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The significance of Chernobyl in Soviet risk discourse cannot be understated. Not only was there massive loss associated with the event, but it was also the end the notion of both nuclear projects and the Soviet Union itself as “perfectly safe.” With the advent of perestroika and glasnost, the opening of government and media coverage signaled an opening of public discourse on risk. From the perspective of the Soviet government, a disaster of such scale also challenged the wisdom of more open communication. The fact that a couple of months afterward, Soviet representatives to the IAEA walked the international body through a report implicating operator disregard for safety regulations beyond what the reactor had be designed to compensate for was unheard of. This was the first time the Soviet Union had admitted such failure both to external parties and, more importantly, to the Soviet public, who were under the impression that these kinds of accidents only ever happened elsewhere. Chernobyl continued to influence public discourse on safety and nuclear issues through the end of the Soviet Union.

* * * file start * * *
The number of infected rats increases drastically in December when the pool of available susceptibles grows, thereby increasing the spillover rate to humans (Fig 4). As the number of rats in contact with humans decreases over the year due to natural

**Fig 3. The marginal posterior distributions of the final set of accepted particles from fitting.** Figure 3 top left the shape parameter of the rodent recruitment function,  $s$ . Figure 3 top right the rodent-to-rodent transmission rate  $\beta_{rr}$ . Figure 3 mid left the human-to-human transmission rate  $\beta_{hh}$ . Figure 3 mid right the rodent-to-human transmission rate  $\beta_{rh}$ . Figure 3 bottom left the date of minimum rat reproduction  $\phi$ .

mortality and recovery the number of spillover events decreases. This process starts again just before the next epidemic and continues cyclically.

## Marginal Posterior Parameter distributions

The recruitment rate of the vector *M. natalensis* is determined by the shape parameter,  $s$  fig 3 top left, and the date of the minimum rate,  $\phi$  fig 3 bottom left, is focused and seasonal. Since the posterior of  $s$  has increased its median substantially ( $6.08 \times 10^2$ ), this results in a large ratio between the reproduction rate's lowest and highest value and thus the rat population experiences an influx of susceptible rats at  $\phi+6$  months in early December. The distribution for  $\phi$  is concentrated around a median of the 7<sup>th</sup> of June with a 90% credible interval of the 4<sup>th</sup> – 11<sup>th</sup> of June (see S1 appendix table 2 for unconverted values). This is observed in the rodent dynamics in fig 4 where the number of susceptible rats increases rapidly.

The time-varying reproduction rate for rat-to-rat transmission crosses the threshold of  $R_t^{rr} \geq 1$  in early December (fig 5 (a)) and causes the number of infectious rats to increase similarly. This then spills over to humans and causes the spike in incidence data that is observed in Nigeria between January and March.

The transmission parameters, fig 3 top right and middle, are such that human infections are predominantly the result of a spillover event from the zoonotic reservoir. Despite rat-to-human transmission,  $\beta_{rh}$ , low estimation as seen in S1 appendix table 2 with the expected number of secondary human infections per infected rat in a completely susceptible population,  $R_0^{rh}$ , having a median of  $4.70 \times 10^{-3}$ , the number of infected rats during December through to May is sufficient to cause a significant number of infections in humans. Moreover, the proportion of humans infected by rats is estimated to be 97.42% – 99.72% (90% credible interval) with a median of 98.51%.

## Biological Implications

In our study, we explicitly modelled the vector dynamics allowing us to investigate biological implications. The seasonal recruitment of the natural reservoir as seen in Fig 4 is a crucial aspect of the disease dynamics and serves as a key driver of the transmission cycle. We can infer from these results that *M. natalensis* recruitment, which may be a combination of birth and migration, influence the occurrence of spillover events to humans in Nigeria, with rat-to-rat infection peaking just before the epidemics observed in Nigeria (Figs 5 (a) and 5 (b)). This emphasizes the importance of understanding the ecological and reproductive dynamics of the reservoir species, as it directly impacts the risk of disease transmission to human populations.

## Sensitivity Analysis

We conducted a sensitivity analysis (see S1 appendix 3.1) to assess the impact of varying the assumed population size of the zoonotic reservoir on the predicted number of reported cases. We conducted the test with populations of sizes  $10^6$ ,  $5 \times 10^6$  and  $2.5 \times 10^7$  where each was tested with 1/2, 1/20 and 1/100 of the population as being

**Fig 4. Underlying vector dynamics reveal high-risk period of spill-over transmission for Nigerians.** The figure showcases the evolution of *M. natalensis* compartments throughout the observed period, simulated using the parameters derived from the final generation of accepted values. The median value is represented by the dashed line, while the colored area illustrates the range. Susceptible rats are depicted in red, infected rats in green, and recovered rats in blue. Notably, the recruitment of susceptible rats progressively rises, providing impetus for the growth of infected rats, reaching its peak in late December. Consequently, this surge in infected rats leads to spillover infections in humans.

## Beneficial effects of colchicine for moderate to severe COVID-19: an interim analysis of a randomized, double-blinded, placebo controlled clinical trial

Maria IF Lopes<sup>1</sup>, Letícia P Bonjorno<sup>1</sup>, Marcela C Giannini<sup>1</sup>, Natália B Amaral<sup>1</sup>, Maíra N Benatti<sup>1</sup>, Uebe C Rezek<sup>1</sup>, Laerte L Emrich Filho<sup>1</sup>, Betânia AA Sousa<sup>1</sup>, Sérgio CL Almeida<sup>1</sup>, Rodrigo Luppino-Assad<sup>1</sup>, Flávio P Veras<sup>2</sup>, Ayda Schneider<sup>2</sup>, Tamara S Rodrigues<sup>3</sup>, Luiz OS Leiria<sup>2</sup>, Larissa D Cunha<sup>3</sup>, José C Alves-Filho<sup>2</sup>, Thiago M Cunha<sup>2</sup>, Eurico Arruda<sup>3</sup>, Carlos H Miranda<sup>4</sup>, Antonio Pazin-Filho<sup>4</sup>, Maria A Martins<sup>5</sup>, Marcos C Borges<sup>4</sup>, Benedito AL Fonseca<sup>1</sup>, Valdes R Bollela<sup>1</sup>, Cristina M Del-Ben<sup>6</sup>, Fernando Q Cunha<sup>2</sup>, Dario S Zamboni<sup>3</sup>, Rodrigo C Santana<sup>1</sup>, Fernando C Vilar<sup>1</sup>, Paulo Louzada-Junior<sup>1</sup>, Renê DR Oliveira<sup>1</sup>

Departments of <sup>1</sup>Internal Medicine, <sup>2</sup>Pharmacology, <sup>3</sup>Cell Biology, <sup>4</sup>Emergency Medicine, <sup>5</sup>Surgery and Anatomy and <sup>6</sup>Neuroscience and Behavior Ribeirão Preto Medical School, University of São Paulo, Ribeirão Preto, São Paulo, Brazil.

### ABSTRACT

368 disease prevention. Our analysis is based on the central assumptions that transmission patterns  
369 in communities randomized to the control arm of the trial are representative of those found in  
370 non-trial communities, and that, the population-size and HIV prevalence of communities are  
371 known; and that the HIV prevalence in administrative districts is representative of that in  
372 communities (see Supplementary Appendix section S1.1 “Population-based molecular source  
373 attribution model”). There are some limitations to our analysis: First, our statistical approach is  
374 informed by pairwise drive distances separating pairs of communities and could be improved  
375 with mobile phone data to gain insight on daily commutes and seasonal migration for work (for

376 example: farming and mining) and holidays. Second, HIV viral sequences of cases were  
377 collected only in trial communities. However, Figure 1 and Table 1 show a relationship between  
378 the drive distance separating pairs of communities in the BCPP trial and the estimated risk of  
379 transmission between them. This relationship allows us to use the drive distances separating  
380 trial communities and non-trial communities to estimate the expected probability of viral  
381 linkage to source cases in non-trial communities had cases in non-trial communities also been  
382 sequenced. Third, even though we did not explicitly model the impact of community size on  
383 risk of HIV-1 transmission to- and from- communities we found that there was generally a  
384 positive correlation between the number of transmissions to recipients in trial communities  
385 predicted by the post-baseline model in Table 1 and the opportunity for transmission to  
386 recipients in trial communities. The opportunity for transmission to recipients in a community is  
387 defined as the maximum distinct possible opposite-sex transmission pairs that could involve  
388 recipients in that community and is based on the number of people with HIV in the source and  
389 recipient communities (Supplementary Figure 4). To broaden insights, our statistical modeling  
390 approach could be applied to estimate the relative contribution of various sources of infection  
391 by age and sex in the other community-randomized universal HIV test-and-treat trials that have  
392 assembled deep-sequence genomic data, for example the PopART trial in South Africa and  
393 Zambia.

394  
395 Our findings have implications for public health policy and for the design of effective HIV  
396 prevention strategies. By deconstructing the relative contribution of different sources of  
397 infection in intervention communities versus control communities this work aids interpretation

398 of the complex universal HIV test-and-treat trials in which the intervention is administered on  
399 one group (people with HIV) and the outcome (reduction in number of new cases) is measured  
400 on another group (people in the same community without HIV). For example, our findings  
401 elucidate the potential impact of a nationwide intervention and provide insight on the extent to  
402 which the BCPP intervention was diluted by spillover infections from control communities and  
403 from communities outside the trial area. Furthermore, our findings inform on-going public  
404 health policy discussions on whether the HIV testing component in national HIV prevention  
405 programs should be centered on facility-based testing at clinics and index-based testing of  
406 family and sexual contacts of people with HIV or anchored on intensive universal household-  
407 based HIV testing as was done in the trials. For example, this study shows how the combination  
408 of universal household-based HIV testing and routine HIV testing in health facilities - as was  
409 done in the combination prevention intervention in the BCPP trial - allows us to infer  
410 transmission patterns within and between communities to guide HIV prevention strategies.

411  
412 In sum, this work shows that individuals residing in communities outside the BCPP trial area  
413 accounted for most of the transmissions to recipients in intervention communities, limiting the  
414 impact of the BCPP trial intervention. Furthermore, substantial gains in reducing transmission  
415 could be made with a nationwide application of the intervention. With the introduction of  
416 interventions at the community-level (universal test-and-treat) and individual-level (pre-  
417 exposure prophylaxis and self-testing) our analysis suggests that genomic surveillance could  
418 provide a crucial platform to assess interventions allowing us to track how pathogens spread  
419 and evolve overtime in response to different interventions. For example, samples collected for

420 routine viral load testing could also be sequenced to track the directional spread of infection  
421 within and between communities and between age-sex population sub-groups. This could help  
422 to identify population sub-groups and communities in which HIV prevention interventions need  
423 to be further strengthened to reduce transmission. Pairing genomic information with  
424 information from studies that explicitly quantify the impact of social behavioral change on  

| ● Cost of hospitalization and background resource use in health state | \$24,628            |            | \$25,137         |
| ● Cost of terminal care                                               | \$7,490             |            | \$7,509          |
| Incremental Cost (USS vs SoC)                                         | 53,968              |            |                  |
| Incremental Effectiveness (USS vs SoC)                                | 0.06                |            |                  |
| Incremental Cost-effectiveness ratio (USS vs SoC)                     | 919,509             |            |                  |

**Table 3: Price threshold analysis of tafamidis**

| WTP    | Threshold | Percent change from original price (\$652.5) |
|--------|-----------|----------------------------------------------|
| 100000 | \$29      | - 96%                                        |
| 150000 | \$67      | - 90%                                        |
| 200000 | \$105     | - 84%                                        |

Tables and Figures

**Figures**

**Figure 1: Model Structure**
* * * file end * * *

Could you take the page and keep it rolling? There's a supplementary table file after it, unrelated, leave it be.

While Chernobyl made headlines as a Soviet superproject gone awry, the earthquake in Spitak, Armenia impacted the Soviet psyche in different ways. The sheer scale of damage shocked Soviet leadership. Gorbachev was famously shaken when he finally came to survey the damage in the early days of the response, not having understood just how bad it was from reports to Moscow. The idea that a world power had to ask for international aid for responding to the disaster, from the United States no less, was unheard of. Further, as unpredictable as earthquakes are, it became clear that it was not an unavoidable tragedy. An earthquake of similar intensity hit Loma Prieta in the US the next year, killing 63 people while the Spitak earthquake, in no small part due to years of shoddily constructed buildings, killed tens of thousands. Place was also key, as the sheer poverty of the already conflict-embroiled Armenian SSR brought to light issues of disparity troubling to the socialist value system of the Soviet public.